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Well, butter my butt and call me a biscuit! Kinky Friedman is back and at his outrageous best in this hilarious guide to the Lone Star State. With George W. Bush in the White House, Americans are taking a second look at the state made famous by the Alamo, the armadillo, Willie Nelson, and, well, Kinky Friedman. As the oldest living Jew in Texas who doesn't own any real estate, Kinky considers it his duty to educate Texans and non-Texans alike about the customs and habits of his native state. You'll never look at Texas the same way again after you encounter the real-life characters in Kinky Friedman's Guide to Texas Etiquette -- from hometown heroes and outlaws to rich Texas oilmen and country stars, Kinky provides an insider's view of his state's customs, history, and values.
Kinky Friedman's Guide to Texas Etiquette is composed of provocative essays and profiles, from "Shoshone The Magic Pony" to "Willie Nelson: The Back Of The Bus." Take Kinky's quiz and find out: "Redneck, Good Old Boy, Or Oilman: What Kind Of Texan Are You?" Read this book and you will learn how to spot a Texan abroad, which famous Texans are not from Texas, how Texas got its Lone Star, and the history of Texans' favorite drink, Dr Pepper. Filled with hair-raising quotes from Texas politicians, Ace Reid cartoons, strange Texas laws, and final meal requests by Texas death row inmates, this good-spirited book will be loved by both native Texans and the rest of us poor devils.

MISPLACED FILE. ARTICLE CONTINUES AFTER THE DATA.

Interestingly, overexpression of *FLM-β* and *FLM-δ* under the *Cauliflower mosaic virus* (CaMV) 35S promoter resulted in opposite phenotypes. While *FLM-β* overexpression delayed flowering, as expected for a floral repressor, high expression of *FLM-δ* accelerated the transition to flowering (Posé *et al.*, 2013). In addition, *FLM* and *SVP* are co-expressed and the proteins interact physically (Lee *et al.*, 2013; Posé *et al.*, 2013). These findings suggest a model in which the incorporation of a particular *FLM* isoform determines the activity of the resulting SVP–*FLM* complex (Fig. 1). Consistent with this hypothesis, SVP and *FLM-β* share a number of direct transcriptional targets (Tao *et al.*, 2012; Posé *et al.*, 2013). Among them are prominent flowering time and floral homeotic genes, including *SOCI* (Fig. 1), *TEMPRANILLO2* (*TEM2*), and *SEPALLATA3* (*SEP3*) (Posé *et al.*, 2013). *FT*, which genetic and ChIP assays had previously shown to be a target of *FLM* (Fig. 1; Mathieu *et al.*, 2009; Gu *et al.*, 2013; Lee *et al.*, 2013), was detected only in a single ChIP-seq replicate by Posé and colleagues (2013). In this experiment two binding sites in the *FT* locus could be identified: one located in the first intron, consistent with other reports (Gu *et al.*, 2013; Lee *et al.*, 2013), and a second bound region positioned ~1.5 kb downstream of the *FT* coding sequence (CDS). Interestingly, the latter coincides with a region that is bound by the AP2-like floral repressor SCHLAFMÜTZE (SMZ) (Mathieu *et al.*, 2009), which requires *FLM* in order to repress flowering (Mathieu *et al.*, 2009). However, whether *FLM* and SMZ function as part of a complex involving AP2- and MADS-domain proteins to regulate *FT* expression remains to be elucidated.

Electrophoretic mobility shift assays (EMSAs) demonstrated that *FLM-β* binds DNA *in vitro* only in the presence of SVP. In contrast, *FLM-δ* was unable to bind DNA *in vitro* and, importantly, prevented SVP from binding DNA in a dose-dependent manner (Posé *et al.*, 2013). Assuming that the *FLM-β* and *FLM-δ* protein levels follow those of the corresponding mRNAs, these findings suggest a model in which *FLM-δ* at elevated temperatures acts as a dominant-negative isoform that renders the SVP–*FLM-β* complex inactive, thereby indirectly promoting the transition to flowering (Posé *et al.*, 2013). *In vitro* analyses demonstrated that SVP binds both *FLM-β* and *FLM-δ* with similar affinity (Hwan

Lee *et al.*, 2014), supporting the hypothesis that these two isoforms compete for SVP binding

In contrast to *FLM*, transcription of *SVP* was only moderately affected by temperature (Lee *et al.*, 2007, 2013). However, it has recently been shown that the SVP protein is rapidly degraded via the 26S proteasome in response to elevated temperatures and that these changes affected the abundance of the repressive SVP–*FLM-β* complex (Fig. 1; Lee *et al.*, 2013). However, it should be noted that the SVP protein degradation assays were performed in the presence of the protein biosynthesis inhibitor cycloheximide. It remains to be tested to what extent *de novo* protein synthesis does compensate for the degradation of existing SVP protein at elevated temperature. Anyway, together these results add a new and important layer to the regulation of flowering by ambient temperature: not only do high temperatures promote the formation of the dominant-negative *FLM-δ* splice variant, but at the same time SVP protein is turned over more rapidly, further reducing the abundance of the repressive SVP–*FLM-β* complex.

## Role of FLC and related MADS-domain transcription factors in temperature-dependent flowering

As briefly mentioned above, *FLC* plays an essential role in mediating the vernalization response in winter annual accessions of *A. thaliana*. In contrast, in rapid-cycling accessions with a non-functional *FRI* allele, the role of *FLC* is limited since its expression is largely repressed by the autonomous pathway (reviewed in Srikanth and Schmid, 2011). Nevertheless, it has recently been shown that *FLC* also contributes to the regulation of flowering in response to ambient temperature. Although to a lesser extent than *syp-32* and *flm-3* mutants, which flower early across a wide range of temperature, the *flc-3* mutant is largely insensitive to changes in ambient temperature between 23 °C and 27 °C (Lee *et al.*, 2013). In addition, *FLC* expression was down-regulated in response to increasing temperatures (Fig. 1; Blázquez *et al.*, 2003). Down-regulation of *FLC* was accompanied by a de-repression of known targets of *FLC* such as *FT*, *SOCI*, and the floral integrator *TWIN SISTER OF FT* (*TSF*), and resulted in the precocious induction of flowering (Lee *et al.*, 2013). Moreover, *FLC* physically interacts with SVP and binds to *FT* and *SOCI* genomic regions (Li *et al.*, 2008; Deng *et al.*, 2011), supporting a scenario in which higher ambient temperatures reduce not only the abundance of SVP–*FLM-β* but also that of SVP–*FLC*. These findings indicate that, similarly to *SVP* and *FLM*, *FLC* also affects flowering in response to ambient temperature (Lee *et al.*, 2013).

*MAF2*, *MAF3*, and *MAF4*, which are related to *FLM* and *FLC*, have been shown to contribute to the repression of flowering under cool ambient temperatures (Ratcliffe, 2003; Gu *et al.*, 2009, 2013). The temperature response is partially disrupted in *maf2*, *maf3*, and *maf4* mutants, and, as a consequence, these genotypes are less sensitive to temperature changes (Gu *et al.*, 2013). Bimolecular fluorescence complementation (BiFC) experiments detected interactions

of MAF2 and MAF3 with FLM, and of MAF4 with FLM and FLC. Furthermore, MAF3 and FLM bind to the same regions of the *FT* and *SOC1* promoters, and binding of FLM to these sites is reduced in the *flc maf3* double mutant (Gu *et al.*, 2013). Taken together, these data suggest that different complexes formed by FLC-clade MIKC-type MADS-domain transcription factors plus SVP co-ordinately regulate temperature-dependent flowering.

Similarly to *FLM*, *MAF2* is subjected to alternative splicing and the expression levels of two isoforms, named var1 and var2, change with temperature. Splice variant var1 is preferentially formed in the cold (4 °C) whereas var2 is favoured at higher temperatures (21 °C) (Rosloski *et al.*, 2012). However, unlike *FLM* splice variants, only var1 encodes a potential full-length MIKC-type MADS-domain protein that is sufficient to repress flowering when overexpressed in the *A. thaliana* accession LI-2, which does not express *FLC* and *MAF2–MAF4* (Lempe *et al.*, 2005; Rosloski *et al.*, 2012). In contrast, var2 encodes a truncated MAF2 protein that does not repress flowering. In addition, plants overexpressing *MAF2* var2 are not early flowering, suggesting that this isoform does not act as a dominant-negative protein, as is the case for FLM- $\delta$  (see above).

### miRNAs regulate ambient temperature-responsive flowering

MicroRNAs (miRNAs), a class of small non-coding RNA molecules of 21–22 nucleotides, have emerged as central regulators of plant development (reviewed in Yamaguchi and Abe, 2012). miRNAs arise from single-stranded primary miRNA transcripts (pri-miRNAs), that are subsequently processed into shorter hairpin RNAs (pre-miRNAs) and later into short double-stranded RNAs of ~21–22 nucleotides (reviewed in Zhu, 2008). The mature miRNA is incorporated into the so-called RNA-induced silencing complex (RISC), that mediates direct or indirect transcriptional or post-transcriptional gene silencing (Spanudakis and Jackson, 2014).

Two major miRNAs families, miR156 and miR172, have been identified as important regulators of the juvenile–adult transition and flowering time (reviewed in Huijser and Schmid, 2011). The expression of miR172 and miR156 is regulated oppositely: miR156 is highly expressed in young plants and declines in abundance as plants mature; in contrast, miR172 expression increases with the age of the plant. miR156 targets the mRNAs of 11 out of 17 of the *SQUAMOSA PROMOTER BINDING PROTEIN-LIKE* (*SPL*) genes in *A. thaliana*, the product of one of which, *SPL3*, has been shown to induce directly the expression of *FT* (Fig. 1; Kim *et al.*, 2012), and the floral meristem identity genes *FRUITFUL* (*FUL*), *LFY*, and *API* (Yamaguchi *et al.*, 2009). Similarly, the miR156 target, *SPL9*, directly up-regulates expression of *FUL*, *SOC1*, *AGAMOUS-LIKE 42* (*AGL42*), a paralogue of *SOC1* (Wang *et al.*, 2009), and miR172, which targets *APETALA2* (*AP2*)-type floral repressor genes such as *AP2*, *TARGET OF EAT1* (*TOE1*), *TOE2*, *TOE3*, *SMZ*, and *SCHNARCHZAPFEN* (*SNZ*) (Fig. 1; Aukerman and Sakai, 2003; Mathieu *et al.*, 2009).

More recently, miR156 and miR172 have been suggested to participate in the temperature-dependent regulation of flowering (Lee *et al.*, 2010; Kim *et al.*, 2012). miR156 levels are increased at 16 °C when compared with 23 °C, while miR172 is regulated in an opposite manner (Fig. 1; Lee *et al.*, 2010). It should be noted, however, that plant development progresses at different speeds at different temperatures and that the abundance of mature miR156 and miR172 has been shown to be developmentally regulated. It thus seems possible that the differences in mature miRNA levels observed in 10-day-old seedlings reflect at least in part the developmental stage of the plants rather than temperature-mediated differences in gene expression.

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Kinky Friedman is an author, musician, defender of strays, cigar smoker, and the governor of the heart of Texas.From Booklist:
The commander-in-chief has called Friedman "a Texas legend," but the Kinkster hardly mentions GW a-tall, filling these pages instead with "Things You Would Never Hear a Real Texan Say" ("I'll have a decaf latte, please") and "The Texas Celebrity High School Football Hall of Fame," which reminds us that Tommy Lee Jones was guard for the Saint Mark's School of Texas Lions in Dallas. The Kinkster includes an invaluable glossary, "Texas Talk" (e.g., "'turd floater'--a very heavy downpour"); waxes poetic about the Alamo, the Yellow Rose, and Luckenbach; cracks wise about the weather, Aggies (Texas A & M students and alums), and armadillos; and quotes Willie Nelson, the Zen Texan featured in Friedman's 1997 mystery, Road Kill: "If you ain't crazy, there's something wrong with you." Interspersed with all the Texas ephemera are articles Friedman published first in such magazines as Rolling Stone and High Times, on topics ranging from the roots of Texas rock 'n' roll to the late Ace Reid, "the world's greatest cowboy cartoonist." Benjamin Segedin
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Book Description William Morrow. Hardcover. Condition: New. 0066209889 Ships from Tennessee, usually the same or next day. Seller Inventory # Z0066209889ZN
Book Description William Morrow, 2001. Hardcover. Condition: New. Seller Inventory # DADAX0066209889
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Book Description William Morrow, 2001. Hardcover. Condition: New. Never used!. Seller Inventory # P110066209889